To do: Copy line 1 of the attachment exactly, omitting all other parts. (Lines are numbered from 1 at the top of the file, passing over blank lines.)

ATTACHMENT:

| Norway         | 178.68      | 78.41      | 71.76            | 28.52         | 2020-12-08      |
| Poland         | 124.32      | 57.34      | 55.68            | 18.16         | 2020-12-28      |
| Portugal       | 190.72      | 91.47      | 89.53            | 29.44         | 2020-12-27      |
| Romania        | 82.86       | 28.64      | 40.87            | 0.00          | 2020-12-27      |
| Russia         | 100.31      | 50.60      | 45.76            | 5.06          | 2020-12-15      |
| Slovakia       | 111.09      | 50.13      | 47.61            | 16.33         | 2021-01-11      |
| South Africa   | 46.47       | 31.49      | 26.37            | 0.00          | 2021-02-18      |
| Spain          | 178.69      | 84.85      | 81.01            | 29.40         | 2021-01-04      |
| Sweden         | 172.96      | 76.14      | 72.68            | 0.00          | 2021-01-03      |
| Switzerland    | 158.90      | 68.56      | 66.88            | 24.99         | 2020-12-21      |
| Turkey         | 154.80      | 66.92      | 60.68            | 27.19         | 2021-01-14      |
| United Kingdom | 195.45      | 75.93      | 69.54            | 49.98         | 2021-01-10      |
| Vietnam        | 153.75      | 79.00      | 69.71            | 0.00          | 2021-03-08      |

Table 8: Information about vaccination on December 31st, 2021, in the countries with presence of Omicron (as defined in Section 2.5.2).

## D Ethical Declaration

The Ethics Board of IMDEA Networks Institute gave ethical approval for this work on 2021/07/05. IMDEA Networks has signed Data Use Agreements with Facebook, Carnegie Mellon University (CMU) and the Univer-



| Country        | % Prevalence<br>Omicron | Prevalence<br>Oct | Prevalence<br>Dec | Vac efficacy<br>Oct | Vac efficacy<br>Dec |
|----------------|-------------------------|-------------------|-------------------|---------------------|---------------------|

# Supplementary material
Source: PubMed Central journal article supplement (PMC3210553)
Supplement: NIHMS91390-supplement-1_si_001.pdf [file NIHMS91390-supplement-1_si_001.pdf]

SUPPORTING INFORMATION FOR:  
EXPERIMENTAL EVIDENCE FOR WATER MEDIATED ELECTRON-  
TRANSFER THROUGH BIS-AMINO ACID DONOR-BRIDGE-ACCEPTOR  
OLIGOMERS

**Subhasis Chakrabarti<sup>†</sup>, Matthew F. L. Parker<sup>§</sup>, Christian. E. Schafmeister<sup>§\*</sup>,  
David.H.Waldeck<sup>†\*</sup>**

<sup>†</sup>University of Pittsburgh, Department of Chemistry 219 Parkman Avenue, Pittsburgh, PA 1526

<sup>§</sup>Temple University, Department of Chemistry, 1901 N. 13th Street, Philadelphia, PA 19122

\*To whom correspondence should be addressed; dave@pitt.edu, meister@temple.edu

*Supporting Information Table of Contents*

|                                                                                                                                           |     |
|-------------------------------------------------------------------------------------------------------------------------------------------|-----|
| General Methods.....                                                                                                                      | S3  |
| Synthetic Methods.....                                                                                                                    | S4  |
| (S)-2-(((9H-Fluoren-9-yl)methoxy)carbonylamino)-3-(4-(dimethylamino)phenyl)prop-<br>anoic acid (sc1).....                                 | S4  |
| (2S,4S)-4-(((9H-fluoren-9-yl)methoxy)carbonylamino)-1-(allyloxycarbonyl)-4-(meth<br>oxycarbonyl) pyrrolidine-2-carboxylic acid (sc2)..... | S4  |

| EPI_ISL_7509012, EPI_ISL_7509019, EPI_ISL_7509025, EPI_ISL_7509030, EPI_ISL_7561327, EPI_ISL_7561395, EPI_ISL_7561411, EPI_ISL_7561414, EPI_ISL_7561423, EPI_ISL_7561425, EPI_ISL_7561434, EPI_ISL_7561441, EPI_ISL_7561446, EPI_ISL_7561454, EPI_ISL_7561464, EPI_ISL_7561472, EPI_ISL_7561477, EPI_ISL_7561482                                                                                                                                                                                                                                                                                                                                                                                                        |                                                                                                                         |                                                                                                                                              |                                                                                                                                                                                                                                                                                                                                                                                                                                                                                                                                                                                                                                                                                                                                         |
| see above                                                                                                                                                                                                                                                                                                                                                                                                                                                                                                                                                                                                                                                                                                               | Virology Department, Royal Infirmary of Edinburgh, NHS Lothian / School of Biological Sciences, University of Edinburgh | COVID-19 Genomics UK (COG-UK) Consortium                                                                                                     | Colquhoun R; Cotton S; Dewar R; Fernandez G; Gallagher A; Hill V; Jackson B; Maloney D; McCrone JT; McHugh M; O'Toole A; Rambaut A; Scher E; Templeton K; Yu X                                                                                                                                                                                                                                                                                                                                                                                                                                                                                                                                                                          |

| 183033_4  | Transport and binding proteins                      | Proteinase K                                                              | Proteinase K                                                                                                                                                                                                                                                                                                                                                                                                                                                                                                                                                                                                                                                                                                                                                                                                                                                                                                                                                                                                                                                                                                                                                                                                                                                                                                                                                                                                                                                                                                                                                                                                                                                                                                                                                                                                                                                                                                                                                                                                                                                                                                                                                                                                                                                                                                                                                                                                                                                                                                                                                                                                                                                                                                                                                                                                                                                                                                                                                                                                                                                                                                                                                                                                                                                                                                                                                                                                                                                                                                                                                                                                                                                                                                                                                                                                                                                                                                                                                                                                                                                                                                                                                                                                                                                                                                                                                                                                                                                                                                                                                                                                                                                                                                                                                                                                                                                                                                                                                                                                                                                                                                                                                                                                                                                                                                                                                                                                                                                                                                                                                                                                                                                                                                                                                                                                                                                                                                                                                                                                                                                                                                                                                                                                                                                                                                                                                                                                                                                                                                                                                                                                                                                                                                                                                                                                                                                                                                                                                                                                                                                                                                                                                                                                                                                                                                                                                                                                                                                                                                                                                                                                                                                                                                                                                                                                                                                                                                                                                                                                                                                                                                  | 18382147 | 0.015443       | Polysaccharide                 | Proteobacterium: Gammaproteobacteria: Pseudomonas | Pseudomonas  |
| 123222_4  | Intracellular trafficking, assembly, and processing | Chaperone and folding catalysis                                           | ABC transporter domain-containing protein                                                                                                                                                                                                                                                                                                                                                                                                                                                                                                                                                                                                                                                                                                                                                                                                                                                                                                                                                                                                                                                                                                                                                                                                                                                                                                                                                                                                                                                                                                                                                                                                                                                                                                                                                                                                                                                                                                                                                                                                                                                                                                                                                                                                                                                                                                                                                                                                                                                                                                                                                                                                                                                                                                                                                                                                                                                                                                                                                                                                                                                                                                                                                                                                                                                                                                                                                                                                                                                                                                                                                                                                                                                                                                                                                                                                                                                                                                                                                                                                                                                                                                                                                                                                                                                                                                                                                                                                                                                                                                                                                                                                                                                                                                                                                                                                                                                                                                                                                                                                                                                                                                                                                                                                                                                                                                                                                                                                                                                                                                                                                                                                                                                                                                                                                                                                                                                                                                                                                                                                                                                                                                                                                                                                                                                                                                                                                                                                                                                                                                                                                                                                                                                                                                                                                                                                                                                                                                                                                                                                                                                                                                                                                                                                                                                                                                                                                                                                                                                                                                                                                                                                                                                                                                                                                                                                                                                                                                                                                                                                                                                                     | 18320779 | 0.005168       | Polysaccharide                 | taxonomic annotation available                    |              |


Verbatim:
| Norway         | 178.68      | 78.41      | 71.76            | 28.52         | 2020-12-08      |